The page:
Gates has been pouring money into his educational experiments in this country since 2000. Overall, I'd give his efforts a grade of C. Not much help, no grave harm. I'd give what he's learned about education a B. He now understands he doesn't know as much about education as he thought he did.

Bill and Melinda Gates released their annual letter answering The 10 Toughest Questions We Get. Question #2 is, "What do you have to show for the billions you’ve spent on U.S. education?" Their answer employs the couple's usual upbeat tone, but the efforts they describe are less than encouraging, especially given that, "Our foundation spends about $500 million a year in the United States, most of it on education."

A few telling excerpts from their answer:

"One thing we learned is that it’s extremely hard to transform low-performing schools."

"We have also worked with districts across the country to help them improve the quality of teaching. . . . But we haven’t seen the large impact we had hoped for."

"How did our teacher effectiveness work do on these three tests? Its effect on students’ learning was mixed."

Some progressive educators question Gates' motives. I don't, or not as much as others do, anyway. I don't think Gates has a political agenda along the line of, say, the Walton family or the Koch brothers or the DeVoses. I believe Gates honestly wants to improve the country's education system, without a whole lot of preconceived, ideological notions about what that means. That's The Education of Bill Gates | The Range: The Tucson Weekly's Daily Dispatch:

The Education of Bill Gates | The Range: The Tucson Weekly's Daily Dispatch:

We Fought for our Education #MeTooK12 #MeToo #TimesUp

Not in Our School! 
We Fought for our Education

My name is Charlotte Smalls and I am a Clinical Director in the juvenile justice field. My sister was harassed for almost two years by a star athlete at our Oregon high school before he raped her during a girl’s basketball game the week before Christmas vacation. My sister was terrified after her rapist threatened her life, so she reported the assault to the school. Nevertheless, the school sent her to the same lunch period with the assailant and then failed to protect her. That same day she was beaten up at school by a female friend of the rapist. Both my sister and I endured threats. We stayed out of school the rest of that week, and when we tried to return after vacation it was too dangerous to continue going to school. My sister struggled a great deal as a result of the assault. When we tried to get an education, the school’s response created a living hell. The school even retaliated against staff who tried to support our family.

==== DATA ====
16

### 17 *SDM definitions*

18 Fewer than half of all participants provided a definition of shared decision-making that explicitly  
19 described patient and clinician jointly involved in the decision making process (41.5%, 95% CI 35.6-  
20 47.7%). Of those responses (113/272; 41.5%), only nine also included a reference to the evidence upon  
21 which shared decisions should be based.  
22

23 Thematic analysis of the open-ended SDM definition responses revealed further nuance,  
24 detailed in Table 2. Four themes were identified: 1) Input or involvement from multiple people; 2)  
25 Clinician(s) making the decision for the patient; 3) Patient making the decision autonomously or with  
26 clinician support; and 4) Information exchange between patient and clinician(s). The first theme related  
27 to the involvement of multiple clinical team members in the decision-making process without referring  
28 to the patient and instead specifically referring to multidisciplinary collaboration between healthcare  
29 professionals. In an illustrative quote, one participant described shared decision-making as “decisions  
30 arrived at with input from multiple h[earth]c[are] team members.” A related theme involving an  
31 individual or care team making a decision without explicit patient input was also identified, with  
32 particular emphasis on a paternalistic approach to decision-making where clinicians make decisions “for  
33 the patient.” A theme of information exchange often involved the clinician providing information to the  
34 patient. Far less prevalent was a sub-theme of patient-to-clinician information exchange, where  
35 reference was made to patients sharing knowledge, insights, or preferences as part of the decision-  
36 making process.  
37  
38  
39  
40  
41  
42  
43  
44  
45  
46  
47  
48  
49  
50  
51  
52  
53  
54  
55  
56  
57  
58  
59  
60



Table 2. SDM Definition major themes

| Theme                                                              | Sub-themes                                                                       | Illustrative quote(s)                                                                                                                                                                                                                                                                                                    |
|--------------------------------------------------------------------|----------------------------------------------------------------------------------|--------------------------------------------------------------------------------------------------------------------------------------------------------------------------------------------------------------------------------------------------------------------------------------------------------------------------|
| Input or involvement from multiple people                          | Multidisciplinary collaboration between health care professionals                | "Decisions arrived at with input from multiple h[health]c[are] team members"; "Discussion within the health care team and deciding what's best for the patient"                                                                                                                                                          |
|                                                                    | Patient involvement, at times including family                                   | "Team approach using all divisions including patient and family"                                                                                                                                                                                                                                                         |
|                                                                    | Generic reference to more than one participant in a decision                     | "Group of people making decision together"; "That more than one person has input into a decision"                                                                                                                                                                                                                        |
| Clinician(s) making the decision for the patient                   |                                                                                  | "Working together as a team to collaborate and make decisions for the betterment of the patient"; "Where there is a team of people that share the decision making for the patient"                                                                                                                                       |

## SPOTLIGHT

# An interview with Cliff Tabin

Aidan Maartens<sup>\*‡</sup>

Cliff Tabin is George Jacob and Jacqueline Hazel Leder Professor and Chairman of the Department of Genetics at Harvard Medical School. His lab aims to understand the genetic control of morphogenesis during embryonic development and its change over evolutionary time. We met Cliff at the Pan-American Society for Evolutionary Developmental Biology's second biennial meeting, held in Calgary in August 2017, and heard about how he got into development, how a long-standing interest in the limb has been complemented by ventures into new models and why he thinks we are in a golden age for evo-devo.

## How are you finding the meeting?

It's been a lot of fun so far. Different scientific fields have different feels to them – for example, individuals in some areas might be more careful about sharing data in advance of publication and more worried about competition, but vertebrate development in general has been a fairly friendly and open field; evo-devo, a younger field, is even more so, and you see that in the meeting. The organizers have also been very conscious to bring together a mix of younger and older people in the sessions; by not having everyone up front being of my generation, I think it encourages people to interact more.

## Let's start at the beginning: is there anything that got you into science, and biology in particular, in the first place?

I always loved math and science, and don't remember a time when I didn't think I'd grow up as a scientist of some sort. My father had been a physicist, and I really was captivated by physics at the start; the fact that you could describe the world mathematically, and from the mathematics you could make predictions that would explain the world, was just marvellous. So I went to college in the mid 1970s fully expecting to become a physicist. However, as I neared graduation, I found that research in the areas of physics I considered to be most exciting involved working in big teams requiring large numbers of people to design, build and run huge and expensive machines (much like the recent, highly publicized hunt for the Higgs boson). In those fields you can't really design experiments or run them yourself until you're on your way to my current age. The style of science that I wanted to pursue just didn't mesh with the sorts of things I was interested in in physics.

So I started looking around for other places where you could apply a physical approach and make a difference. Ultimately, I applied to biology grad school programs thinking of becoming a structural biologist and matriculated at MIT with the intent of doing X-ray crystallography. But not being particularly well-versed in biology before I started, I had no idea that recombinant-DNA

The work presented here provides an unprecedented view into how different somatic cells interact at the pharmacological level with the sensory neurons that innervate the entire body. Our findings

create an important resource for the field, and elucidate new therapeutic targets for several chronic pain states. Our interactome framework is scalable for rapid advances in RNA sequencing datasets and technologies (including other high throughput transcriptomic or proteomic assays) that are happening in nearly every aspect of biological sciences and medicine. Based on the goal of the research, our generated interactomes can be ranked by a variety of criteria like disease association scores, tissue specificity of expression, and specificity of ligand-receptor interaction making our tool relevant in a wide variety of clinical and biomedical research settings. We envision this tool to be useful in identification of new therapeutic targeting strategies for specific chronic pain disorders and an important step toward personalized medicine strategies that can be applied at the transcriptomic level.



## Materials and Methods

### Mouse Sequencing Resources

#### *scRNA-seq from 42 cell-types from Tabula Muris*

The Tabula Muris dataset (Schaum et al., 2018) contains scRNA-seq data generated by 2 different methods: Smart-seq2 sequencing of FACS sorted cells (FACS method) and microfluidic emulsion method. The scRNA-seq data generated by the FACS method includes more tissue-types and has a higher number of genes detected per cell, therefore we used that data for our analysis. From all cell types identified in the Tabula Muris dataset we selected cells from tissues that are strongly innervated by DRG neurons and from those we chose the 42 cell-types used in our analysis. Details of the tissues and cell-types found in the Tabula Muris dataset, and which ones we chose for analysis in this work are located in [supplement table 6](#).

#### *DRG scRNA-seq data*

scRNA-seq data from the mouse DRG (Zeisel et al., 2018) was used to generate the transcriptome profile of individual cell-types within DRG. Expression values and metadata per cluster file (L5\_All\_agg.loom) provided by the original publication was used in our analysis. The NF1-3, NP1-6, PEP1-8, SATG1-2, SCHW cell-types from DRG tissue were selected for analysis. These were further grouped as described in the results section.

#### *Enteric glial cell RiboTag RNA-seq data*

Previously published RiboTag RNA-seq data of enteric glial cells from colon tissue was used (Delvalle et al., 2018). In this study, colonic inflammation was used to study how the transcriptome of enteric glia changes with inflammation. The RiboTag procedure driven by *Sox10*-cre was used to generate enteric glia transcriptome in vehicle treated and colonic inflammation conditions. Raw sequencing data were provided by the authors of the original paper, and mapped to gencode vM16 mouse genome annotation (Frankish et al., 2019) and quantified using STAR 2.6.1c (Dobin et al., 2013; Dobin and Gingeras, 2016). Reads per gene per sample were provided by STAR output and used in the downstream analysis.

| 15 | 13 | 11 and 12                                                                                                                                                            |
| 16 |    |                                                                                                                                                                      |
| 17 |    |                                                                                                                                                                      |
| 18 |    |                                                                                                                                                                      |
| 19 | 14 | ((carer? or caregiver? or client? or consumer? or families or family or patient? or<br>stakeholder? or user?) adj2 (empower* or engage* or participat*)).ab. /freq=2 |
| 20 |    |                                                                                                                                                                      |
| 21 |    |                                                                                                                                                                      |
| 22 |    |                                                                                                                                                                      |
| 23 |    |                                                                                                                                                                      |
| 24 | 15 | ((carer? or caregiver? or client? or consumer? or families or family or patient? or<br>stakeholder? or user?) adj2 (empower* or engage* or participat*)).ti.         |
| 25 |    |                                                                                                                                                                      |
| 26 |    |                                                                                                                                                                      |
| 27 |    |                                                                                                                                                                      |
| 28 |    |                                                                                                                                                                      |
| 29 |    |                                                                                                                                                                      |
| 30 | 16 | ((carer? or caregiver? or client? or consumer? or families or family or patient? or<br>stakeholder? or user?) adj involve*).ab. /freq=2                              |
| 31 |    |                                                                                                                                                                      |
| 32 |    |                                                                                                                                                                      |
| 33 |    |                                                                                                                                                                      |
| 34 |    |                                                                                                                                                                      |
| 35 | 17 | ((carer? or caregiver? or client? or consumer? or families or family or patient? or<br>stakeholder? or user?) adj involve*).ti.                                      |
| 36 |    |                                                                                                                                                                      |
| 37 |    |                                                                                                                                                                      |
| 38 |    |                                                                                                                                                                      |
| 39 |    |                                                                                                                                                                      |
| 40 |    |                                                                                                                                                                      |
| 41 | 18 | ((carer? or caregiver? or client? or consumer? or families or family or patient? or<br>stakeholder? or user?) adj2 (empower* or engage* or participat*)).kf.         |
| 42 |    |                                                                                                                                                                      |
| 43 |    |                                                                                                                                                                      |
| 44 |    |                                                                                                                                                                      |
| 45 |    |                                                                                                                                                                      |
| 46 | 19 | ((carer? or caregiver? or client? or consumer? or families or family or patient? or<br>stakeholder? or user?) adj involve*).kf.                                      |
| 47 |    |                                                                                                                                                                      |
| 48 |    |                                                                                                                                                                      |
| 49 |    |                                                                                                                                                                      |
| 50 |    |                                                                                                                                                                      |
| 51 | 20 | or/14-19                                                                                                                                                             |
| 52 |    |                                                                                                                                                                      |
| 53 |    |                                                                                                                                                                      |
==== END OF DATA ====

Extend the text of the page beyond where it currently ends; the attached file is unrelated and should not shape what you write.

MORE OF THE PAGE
No one ever mentioned our Title IX rights that were violated when the school protected the rapist, but not my sister or me. We had no alternative but to study at home. The star basketball assailant was only suspended for 2 days, even though there was forensic evidence that he raped my sister. In addition to the forensic evidence, the rapist admitted what he had done. The girl who beat up my sister was expelled. The rapist is the one who should have been expelled, and theWe Fought for our Education

 Not in Our School!


PART 1    PART 2
shnios-buxton is an innovative video for K-12 parents, middle and high school students, schools, and community organizations. It’s about gender equality in education, students’ protections under Title IX, and much more. Video Contents  Media Reports  Excerpts on our YouTube channel.
As high school students plan for their new gender equality group, we watch them interview nationally recognized education, legal, and LGBTQ experts and learn from counselors, advocates, parents, and students. The video offers simple steps and engaging activities to make schools safer with equal learning spaces for all students.
In Part 2, a teenage victim learns about her right to privacy and mandated reporting when she speaks with a victim’s advocate.
 was created by parents who know—first hand—how important this information is for K-12 families. Share the video and Action Guide widely. Use the Presentation Guide to invite others to start the conversation!
shnios-buxton is free of charge. Your tax-deductible donation helps to defray production costs and enables us to produce a Spanish language version.  To make your donation, please use PayPal. Thank you!